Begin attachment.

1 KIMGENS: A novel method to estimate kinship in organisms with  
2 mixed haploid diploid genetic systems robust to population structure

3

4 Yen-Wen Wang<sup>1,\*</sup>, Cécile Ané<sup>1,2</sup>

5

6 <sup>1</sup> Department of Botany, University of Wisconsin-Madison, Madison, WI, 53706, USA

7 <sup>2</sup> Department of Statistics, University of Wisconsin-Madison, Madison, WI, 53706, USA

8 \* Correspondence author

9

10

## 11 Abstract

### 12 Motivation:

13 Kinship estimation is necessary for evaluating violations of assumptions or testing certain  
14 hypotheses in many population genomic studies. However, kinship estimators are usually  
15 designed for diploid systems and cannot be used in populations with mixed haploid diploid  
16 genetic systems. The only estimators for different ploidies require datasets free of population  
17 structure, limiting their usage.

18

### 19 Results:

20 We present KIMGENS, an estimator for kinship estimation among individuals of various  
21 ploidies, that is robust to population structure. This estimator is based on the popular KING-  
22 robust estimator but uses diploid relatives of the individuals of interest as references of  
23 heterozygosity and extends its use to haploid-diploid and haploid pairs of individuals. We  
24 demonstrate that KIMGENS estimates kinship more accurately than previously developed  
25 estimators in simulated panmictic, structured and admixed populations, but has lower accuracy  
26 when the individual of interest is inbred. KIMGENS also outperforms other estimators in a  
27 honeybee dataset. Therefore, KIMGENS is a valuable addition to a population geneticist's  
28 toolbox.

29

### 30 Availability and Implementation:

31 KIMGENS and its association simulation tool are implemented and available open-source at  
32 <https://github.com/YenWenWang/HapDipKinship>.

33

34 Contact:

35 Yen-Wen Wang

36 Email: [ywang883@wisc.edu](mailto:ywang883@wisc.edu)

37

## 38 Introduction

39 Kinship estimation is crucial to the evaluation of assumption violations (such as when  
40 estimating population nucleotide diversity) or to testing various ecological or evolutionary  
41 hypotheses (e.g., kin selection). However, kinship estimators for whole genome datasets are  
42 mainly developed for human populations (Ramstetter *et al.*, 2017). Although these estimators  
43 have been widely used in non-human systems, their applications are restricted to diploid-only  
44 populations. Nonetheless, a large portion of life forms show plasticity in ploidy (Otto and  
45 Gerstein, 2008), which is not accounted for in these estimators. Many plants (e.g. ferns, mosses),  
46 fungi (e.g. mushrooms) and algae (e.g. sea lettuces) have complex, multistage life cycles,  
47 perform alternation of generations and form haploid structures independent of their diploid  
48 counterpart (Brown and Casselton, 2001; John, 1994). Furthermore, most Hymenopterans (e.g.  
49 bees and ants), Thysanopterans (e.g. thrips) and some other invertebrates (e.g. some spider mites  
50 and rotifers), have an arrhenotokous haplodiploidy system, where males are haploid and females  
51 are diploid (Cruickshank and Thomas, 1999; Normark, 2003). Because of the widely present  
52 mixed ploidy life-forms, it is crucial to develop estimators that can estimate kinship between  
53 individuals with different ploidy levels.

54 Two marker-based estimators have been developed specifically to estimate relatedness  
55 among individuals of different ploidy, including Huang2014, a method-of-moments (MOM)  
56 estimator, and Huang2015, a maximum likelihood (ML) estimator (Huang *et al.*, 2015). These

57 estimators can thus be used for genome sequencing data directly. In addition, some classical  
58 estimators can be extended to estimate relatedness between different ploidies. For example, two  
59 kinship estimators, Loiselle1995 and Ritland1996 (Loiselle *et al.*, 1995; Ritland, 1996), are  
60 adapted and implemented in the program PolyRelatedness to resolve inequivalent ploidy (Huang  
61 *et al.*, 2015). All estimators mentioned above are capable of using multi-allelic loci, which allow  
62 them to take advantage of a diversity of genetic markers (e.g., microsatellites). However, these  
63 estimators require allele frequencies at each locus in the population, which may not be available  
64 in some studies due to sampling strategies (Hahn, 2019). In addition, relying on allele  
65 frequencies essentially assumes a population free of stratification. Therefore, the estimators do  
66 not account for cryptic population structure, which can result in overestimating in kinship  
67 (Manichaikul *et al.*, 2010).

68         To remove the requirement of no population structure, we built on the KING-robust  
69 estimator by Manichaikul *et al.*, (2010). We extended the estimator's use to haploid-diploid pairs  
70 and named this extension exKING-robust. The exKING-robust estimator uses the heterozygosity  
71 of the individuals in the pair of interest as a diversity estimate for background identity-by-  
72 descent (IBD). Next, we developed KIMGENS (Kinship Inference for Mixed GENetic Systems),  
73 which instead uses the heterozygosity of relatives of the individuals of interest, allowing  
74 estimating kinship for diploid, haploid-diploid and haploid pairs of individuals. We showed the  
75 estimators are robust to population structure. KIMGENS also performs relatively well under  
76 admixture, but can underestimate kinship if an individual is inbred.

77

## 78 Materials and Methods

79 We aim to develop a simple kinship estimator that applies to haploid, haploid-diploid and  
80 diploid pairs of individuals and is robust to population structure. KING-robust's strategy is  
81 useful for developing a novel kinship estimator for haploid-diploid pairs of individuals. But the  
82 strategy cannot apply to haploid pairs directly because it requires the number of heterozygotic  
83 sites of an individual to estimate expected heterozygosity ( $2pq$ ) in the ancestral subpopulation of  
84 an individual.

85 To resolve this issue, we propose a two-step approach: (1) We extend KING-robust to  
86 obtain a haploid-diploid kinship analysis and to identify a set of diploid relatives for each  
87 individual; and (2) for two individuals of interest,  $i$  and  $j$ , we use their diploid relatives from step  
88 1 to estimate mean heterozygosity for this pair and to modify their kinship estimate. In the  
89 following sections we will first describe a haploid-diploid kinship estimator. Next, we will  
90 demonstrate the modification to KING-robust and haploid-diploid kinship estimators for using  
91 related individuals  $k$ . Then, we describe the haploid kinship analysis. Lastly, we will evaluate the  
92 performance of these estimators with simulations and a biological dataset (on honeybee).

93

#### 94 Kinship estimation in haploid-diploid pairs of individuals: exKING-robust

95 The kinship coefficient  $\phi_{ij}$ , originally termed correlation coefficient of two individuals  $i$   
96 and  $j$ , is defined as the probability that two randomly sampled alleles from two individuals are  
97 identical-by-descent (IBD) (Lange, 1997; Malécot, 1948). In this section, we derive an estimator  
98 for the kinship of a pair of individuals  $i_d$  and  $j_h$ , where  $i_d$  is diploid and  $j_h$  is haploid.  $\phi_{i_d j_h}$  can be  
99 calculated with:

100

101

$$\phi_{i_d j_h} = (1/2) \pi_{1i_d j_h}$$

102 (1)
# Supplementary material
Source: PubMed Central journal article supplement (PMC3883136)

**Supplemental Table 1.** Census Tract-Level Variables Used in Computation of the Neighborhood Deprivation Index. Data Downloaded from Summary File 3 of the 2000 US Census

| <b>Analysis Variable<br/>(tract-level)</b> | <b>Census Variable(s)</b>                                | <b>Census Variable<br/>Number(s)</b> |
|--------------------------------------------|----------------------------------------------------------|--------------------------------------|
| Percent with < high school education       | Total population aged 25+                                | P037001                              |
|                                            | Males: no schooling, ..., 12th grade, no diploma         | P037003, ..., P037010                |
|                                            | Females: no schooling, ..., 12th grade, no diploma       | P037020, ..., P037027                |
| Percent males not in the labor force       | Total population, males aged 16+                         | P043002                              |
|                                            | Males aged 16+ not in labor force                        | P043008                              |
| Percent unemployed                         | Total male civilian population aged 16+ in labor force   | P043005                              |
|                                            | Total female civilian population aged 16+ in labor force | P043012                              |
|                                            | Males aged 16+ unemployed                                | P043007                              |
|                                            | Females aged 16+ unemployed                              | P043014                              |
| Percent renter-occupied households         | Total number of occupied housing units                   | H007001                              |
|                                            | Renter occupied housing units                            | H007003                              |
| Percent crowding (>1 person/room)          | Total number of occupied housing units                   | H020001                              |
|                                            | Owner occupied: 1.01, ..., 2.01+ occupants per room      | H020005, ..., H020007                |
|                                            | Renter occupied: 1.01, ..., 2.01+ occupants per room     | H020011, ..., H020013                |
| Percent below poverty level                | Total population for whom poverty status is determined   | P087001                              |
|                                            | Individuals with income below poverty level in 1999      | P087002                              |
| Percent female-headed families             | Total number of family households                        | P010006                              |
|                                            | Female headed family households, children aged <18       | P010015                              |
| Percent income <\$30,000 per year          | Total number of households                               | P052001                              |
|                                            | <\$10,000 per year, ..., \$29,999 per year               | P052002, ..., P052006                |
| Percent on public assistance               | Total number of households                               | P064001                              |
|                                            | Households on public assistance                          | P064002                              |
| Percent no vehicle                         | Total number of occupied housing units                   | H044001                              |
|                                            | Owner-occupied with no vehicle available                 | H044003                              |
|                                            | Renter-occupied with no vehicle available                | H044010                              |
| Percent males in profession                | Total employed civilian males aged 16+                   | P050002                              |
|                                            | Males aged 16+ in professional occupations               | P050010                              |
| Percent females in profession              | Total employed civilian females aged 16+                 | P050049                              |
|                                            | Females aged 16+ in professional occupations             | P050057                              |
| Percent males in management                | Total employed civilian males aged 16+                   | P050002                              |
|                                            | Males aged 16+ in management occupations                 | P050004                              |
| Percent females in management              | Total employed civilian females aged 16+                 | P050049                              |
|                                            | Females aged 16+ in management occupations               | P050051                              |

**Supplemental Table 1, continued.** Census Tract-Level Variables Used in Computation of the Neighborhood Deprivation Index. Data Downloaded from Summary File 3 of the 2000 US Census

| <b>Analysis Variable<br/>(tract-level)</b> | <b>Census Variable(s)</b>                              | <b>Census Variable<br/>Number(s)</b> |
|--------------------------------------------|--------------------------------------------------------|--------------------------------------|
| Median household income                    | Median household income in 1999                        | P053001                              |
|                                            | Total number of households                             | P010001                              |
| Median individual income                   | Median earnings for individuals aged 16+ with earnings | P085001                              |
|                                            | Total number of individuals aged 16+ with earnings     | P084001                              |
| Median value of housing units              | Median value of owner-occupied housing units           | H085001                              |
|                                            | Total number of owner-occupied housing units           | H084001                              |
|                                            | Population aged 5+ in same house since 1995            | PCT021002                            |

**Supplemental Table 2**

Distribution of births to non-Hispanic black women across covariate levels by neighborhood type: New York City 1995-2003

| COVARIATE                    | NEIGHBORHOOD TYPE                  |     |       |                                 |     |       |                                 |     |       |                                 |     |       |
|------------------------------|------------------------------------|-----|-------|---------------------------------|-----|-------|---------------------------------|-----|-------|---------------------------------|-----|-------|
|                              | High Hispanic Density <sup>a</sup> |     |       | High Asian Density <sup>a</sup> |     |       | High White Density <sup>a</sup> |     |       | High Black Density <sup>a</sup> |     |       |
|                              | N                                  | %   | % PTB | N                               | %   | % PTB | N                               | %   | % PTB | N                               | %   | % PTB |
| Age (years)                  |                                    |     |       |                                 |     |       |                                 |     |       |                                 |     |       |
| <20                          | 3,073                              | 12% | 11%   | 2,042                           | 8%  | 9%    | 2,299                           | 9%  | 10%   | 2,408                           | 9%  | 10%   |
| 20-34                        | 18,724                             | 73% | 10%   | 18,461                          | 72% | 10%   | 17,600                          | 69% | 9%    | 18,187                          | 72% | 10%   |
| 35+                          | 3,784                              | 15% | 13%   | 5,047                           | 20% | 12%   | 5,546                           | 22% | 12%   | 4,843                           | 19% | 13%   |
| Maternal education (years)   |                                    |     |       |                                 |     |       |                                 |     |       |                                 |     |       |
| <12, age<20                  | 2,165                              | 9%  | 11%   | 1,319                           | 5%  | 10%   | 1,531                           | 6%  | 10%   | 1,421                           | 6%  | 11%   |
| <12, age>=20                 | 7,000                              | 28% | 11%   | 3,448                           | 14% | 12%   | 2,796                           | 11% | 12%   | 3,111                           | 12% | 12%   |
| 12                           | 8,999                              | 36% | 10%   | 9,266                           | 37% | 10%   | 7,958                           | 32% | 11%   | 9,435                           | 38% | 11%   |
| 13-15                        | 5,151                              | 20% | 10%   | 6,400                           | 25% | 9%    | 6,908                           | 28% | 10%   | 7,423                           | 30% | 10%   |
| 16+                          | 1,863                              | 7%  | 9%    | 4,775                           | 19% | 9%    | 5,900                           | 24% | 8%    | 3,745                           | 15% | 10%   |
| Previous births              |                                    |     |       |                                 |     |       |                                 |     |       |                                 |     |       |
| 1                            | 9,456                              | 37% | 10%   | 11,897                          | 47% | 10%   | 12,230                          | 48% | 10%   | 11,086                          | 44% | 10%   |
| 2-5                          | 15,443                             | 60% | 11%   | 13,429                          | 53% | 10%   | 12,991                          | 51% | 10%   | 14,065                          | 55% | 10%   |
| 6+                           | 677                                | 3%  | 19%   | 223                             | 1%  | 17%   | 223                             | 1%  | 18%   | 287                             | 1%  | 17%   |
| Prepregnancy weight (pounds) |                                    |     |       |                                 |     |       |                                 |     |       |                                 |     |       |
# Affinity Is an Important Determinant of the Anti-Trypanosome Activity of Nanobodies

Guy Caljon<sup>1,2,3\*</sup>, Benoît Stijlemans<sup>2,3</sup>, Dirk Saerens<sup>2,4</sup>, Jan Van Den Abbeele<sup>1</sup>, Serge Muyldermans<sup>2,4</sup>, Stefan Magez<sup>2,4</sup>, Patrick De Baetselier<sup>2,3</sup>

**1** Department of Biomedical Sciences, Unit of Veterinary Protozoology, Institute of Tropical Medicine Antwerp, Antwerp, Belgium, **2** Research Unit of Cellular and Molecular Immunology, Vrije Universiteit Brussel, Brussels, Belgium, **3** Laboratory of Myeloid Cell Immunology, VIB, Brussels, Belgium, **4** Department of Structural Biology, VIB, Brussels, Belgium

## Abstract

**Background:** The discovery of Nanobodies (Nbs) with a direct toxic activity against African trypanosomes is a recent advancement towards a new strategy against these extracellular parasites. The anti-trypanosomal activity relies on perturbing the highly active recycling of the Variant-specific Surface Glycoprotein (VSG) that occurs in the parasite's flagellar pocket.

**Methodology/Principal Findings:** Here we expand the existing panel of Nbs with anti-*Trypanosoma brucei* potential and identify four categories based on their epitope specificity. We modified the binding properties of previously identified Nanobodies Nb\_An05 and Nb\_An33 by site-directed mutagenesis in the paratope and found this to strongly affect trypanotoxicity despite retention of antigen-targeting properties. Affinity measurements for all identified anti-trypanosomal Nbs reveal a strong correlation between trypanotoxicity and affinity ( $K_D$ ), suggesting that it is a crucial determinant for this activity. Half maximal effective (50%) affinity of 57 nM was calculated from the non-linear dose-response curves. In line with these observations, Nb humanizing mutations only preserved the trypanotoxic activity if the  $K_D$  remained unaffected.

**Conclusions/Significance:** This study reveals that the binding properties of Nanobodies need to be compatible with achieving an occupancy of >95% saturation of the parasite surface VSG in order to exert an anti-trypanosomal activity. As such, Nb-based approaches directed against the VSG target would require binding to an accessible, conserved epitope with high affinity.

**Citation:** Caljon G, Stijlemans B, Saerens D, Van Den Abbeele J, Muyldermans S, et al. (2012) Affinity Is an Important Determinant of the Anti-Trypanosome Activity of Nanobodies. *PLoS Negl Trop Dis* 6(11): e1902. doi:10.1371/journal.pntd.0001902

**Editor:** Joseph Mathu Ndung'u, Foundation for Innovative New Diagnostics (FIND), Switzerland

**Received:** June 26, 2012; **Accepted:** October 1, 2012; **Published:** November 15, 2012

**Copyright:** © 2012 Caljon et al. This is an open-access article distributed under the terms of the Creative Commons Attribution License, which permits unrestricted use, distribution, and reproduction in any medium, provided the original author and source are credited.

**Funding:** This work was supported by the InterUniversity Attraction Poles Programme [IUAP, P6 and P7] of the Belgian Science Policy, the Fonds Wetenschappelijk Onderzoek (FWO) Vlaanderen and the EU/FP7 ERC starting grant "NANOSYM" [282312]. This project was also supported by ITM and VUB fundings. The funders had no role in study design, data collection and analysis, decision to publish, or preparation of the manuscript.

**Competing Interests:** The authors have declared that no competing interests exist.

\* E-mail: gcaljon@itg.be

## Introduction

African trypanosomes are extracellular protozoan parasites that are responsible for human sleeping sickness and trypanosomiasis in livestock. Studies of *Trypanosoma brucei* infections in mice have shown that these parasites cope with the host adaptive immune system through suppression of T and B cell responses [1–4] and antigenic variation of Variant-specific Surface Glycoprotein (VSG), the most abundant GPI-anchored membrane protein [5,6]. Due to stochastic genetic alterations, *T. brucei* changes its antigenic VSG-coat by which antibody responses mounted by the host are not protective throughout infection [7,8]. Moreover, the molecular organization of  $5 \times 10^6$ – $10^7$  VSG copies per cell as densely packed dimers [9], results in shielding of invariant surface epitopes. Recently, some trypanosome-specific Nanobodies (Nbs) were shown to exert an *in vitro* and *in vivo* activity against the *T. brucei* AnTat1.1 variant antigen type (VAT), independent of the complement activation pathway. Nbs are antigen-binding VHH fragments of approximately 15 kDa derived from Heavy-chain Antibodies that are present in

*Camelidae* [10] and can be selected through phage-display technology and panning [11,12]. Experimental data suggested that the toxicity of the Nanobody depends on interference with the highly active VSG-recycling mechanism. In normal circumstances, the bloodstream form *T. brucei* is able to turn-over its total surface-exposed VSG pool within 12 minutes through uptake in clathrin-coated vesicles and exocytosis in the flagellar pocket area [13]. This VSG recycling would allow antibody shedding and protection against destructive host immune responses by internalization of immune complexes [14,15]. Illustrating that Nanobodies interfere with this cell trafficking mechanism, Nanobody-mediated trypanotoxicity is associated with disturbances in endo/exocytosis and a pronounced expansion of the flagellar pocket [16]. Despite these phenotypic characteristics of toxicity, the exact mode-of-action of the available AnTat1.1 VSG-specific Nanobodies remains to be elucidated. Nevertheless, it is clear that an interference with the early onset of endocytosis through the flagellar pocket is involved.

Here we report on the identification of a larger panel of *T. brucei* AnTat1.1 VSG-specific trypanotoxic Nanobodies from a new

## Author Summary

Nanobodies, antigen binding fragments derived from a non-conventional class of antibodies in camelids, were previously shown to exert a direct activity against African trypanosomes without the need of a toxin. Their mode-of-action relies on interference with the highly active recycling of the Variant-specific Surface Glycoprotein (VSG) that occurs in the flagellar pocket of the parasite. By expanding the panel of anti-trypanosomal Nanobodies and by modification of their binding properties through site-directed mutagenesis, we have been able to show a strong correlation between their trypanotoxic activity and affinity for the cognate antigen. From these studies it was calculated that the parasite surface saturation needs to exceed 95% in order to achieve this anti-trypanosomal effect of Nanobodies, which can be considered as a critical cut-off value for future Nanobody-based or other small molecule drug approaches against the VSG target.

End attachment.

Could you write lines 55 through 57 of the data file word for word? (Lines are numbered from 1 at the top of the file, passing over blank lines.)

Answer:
55 among individuals of different ploidy, including Huang2014, a method-of-moments (MOM)  
56 estimator, and Huang2015, a maximum likelihood (ML) estimator (Huang *et al.*, 2015). These

57 estimators can thus be used for genome sequencing data directly. In addition, some classical  